Fig. 2

Thresholds in case of a lower SUVmax tumor. SUVmax: maximum standardized uptake value, SUV peak: peak standardized uptake value, SUV mean: mean standardized uptake value, MTV: metabolic tumor volume, TLG: total lesion glycolysis, TUR: tumor-to-liver uptake ratio, SUL: SUV normalized to lean body mass; VOI: volume of interest. VOIs for TUR2 were smaller than in other thresholds. VOIs in % of SUVmax were larger than in other thresholds. For each threshold, the lower the value, the larger the VOI

All patients were classified into two groups according to pathological N stage, and data concerning age, sex, primary lesion location, pathological staging, histological types, and diameter were collected from each group; significant differences in pathological staging were found in both, but not in age, sex, primary lesion location, histological types (mucinous/poorly adenocarcinoma and others), or diameter. MTV was used as the average size, The SUV max of 2.5 for MTV was 49.99 (2.04–612.84). With the exception of one patient, all patients with CRC relapse had distant relapse.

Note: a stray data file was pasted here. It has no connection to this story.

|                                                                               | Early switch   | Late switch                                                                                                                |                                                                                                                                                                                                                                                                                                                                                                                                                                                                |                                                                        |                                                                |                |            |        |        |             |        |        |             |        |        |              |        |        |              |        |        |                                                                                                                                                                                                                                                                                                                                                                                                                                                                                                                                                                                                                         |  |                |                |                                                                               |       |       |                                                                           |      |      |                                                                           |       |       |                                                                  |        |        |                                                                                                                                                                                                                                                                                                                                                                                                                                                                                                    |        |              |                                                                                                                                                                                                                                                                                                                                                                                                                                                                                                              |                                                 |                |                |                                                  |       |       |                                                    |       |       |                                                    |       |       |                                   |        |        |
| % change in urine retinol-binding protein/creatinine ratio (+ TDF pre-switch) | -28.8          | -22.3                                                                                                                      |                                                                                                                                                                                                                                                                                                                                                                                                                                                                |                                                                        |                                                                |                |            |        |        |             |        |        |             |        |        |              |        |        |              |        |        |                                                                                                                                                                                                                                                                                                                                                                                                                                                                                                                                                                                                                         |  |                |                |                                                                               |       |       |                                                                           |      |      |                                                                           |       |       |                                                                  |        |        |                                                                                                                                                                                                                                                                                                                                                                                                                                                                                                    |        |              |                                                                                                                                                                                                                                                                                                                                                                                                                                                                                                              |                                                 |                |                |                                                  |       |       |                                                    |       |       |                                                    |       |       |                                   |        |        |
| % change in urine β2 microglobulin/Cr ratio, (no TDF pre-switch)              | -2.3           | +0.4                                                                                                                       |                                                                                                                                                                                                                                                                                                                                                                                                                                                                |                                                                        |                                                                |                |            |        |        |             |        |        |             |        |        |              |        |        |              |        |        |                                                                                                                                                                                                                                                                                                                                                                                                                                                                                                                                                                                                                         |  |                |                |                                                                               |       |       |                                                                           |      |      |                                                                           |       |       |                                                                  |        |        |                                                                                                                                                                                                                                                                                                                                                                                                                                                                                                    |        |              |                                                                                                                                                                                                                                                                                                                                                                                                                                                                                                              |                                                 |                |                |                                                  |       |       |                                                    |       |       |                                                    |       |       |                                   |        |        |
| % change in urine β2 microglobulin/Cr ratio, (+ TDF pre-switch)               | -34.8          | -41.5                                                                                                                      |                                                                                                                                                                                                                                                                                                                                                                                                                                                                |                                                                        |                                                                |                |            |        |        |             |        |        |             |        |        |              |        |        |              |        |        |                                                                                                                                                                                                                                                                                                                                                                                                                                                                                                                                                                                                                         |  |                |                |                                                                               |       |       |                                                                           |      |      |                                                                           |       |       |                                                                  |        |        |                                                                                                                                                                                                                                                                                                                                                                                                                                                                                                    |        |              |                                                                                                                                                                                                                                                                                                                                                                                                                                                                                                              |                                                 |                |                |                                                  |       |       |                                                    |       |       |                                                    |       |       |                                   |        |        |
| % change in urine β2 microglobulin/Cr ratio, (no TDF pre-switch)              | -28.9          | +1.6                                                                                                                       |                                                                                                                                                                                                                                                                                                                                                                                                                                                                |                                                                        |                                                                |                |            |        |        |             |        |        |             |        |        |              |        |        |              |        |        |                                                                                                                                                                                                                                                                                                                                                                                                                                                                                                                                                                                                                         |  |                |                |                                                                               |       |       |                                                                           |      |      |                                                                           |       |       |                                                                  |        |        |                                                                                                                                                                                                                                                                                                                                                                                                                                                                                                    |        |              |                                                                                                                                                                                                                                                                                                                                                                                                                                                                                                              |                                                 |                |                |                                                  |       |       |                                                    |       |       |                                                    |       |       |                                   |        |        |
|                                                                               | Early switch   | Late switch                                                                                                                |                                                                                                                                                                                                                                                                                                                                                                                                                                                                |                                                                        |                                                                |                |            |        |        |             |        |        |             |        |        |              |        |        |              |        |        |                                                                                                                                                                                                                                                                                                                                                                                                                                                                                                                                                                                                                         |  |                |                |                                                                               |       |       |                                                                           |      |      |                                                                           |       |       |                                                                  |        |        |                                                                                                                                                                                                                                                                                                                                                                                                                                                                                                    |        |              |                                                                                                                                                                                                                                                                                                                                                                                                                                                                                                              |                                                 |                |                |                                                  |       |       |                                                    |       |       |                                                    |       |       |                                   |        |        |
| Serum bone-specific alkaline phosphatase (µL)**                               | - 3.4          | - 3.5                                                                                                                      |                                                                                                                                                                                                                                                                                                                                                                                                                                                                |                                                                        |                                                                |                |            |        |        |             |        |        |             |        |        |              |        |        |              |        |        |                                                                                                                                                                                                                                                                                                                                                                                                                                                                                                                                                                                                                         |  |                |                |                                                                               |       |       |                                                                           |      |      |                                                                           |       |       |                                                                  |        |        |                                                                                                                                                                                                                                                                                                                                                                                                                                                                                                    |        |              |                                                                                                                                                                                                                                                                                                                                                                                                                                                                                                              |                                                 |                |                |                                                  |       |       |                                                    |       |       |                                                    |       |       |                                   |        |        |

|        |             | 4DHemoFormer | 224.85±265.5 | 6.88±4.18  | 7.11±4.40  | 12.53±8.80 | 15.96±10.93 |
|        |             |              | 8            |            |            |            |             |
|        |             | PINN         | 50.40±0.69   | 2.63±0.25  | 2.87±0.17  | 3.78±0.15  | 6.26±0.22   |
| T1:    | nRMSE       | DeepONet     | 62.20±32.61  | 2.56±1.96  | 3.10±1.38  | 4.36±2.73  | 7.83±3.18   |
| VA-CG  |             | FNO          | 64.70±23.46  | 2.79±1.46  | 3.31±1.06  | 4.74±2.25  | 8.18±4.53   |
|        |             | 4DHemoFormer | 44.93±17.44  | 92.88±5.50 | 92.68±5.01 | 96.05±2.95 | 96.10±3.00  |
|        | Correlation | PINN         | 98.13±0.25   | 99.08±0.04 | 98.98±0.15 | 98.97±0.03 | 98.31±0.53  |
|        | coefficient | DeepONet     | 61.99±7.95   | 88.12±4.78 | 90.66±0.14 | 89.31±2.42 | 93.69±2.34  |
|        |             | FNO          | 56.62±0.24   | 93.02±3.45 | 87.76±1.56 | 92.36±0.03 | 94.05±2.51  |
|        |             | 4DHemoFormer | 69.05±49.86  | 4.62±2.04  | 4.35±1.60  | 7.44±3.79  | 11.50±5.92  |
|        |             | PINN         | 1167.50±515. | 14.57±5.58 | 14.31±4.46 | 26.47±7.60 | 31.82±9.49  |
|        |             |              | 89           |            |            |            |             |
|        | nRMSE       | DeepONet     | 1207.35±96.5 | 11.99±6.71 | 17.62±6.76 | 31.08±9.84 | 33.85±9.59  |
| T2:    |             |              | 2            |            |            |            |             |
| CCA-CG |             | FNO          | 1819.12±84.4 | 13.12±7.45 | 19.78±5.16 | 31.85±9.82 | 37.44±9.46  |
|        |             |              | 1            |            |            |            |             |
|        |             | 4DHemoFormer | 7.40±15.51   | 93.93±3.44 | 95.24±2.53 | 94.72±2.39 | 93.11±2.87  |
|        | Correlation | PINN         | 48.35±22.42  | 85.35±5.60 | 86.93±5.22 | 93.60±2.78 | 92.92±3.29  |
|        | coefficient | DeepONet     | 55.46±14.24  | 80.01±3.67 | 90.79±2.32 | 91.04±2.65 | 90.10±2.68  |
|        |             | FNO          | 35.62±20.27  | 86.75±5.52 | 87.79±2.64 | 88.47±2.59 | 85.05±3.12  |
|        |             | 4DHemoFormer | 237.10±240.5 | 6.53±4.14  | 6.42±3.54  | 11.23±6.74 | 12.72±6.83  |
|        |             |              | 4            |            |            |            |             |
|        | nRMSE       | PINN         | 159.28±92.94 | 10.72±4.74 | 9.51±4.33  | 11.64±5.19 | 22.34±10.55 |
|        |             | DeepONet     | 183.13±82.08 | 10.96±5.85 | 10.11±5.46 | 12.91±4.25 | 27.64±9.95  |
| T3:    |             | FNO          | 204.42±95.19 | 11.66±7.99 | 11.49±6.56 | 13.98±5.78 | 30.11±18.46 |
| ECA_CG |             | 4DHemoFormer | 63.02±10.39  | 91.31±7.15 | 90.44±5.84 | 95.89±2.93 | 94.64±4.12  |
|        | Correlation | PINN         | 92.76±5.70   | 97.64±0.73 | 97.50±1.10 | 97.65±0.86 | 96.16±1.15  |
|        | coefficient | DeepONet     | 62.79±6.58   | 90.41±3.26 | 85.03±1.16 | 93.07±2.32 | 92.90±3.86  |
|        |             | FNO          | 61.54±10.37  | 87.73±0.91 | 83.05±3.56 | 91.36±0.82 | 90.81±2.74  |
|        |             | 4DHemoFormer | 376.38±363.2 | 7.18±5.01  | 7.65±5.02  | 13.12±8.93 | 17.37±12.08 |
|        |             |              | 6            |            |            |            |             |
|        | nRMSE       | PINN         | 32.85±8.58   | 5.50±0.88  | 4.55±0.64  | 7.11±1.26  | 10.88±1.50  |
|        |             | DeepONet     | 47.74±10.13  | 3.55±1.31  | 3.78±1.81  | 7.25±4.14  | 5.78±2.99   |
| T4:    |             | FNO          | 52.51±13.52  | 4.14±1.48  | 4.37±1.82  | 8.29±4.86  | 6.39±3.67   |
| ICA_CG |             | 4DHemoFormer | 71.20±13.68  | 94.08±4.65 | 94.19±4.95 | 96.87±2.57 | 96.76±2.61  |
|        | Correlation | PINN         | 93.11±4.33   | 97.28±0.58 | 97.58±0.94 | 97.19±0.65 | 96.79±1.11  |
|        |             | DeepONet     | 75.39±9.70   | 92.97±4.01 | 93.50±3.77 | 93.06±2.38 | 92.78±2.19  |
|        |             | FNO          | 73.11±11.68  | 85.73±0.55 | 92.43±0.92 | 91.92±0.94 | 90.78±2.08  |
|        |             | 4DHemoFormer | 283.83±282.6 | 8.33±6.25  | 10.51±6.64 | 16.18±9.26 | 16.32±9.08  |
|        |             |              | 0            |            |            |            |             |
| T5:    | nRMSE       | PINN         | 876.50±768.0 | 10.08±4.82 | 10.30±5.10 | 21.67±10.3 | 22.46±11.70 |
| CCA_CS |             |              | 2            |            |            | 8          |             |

Identifying the optimal threshold for the association of MTV and TLG with recurrence within one year after surgery

For the ROC analysis of MTV and TLG in CRCs, the areas under the curve were 0.9506–0.9589 and 0.7880–0.8038, respectively; for the optimal prediction of recurrence, the cut-off values for the prognosis of recurrence were 16.52–75.94 and 234.93–560.11, respectively.

When patients were divided according to optimal cut-off values, the relapse-free survival curves in the subgroups differed significantly between the values above and below the optimal values of PET parameters for each threshold, especially for 40% of tumor SUVmax for TLG (TLG 40%), SUVmax of 3.5 for MTV (MTV 3.5), and TLR of 2 for MTV (MTV-TLR2) (Figs. 3 and 4). There was no significant difference between the group with poorly differentiated and mucinous types and those without (p = 0.5169) in TLG 40%, but TLG 40% of their types tended to be bigger.